| May 9, 2008
DMF wants to know about catches of Asian black tiger shrimp
By SUSAN WEST
North Carolina shrimpers have pulled in an unusual type of shrimp in
addition to the common white, pink, or brown species in their trawl
In 2006 and 2007, fishermen reported catching a few Asian black tiger
shrimp (Penaeus monodon), a species not native to South Atlantic
“We don’t think the black tiger shrimp is established here,
but we really don’t have much information. That’s why
we’re asking fishermen to call us if they catch any of these
shrimp,” said Trish Murphey at the North Carolina Division of
Black tiger shrimp, one of the world’s largest shrimp species,
can grow to more than one foot in length, although the ones captured in
North Carolina have been around 9 inches long.
Native to the West Pacific, the black tiger is also widely farmed, particularly in Southeast Asia.
The species is named for the distinct dark stripes that encircle its shell.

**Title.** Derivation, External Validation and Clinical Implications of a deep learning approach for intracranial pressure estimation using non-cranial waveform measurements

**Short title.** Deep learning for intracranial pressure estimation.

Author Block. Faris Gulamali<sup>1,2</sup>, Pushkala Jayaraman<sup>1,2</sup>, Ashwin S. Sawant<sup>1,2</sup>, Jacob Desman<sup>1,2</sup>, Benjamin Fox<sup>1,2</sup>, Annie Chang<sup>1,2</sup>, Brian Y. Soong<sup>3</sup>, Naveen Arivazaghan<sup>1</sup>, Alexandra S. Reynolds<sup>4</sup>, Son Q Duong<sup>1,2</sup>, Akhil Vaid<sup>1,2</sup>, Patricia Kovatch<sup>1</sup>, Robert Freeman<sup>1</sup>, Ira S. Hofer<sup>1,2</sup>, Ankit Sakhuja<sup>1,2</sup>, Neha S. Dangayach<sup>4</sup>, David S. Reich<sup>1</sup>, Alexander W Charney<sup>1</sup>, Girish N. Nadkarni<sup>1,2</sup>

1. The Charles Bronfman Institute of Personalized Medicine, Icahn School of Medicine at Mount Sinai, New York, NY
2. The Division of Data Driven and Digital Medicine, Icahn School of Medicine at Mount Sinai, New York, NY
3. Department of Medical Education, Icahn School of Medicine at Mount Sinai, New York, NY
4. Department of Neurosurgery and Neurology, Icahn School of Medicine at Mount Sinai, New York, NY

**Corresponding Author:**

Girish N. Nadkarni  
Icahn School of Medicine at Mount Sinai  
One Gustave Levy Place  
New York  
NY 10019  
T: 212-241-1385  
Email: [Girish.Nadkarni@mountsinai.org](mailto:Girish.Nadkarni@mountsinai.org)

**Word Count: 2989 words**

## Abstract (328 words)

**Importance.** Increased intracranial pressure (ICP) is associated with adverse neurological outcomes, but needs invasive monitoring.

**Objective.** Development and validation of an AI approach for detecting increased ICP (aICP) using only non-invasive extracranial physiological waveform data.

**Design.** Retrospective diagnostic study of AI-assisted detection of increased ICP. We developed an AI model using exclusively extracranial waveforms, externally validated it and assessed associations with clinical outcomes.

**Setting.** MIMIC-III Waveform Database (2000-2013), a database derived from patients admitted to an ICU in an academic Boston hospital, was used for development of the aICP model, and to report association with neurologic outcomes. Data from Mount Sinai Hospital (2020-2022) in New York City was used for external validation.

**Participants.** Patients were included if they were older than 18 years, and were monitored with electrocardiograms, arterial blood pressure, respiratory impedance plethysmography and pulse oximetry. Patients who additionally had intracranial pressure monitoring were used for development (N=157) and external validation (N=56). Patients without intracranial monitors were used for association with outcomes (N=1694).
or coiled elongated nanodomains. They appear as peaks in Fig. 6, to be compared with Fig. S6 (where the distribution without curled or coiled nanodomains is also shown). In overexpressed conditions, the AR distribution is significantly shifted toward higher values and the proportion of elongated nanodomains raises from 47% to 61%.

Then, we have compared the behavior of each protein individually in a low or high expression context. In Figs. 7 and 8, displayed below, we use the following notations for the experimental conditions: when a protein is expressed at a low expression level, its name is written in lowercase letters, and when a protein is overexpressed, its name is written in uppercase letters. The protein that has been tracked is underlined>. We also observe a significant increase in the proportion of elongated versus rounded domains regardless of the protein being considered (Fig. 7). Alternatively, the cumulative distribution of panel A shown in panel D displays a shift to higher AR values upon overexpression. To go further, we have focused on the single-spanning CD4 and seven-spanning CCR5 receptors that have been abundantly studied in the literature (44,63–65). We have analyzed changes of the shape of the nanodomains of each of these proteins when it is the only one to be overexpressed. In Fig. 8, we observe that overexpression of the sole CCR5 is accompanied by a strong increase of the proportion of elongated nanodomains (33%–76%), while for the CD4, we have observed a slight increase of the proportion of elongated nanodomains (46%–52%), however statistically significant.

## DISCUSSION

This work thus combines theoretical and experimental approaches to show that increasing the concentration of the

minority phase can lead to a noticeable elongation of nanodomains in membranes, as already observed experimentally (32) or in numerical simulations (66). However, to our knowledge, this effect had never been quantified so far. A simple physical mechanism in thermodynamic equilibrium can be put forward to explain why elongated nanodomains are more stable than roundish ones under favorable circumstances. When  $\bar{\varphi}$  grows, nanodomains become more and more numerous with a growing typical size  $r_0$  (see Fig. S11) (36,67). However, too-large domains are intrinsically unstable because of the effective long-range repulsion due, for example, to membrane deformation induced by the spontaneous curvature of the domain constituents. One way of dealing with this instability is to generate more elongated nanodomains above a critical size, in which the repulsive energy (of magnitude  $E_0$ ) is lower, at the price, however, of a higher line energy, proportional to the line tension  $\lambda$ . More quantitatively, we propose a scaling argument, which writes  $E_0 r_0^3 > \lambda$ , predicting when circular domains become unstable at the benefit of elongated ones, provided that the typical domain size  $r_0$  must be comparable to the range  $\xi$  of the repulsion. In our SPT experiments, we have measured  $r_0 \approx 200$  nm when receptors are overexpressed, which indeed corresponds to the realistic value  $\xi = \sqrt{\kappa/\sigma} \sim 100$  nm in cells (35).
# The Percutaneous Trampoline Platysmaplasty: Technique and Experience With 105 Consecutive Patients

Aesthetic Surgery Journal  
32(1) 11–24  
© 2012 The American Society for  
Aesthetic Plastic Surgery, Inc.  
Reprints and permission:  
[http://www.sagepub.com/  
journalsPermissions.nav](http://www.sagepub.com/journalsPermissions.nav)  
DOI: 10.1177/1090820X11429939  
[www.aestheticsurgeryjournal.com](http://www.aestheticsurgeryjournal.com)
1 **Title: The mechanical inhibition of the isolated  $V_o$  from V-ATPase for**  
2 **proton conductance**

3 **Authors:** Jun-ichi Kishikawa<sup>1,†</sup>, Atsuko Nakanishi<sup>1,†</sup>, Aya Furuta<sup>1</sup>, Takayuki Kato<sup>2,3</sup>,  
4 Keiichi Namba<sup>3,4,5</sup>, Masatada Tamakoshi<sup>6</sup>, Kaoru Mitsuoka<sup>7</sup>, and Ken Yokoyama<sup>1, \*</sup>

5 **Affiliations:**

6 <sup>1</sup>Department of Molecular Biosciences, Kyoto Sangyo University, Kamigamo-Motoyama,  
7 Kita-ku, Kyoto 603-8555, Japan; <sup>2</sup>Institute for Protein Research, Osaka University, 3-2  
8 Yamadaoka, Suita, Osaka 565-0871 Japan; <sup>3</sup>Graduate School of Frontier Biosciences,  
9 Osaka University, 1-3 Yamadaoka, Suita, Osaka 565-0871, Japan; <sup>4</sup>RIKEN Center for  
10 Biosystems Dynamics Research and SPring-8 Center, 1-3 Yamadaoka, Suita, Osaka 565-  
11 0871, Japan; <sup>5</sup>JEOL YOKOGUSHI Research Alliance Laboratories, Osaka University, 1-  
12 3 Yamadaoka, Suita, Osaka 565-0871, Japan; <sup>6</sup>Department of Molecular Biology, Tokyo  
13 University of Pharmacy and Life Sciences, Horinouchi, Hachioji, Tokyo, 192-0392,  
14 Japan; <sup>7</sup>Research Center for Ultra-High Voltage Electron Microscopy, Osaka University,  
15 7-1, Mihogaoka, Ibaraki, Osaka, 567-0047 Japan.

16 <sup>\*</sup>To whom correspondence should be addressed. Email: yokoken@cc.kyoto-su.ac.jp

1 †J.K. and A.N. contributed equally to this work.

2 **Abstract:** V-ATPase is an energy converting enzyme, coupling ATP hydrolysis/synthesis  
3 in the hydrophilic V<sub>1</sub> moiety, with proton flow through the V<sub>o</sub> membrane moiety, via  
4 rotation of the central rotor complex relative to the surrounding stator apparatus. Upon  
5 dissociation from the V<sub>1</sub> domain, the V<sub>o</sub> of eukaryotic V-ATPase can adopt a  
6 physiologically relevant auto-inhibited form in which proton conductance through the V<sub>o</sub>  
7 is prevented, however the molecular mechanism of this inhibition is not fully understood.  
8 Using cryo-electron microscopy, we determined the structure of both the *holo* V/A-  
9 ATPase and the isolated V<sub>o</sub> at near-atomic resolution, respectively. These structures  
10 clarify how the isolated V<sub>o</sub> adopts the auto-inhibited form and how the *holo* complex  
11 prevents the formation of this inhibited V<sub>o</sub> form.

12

The first reported sighting of black tiger shrimp in the state was in
October, 2006, in Pamlico Sound, near Gull Rock in Hyde County.
In 2007, fishermen reported catching tiger shrimp in the same vicinity,
as well as offshore of Bogue Banks in Carteret County.
Murphey said the most likely explanation is that the non-native shrimp
escaped from aquaculture facilities into the coastal waters of the
South Atlantic and the Gulf of Mexico.
The species is not grown on shrimp farms in North Carolina, but is
grown on farms in South Carolina, Alabama, Florida, and Texas.
In 1988, tiger shrimp escaped from an aquaculture facility farm in
Bluffton, S.C., and nearly 1,000 were later recaptured as far south as
Cape Canaveral, Fla., according to information from the Nonindigenous
Aquatic Species Division of the United States Geological Survey.
Tiger shrimp also have been reported in the coastal waters of Alabama and Louisiana.
Scientists said the impact of tiger shrimp on native shrimp species is
unknown, but that the transfer of disease is always a concern when
exotic species move outside of their natural habitats. Disease in
wild shrimp can be difficult to detect because fish or crabs almost
immediately eat weakened or dead shrimp.
Trish Murphey asked fishermen who capture black tiger shrimp to freeze
the shrimp, record the date and location of capture, and contact her at
800-682-2632 or [email protected].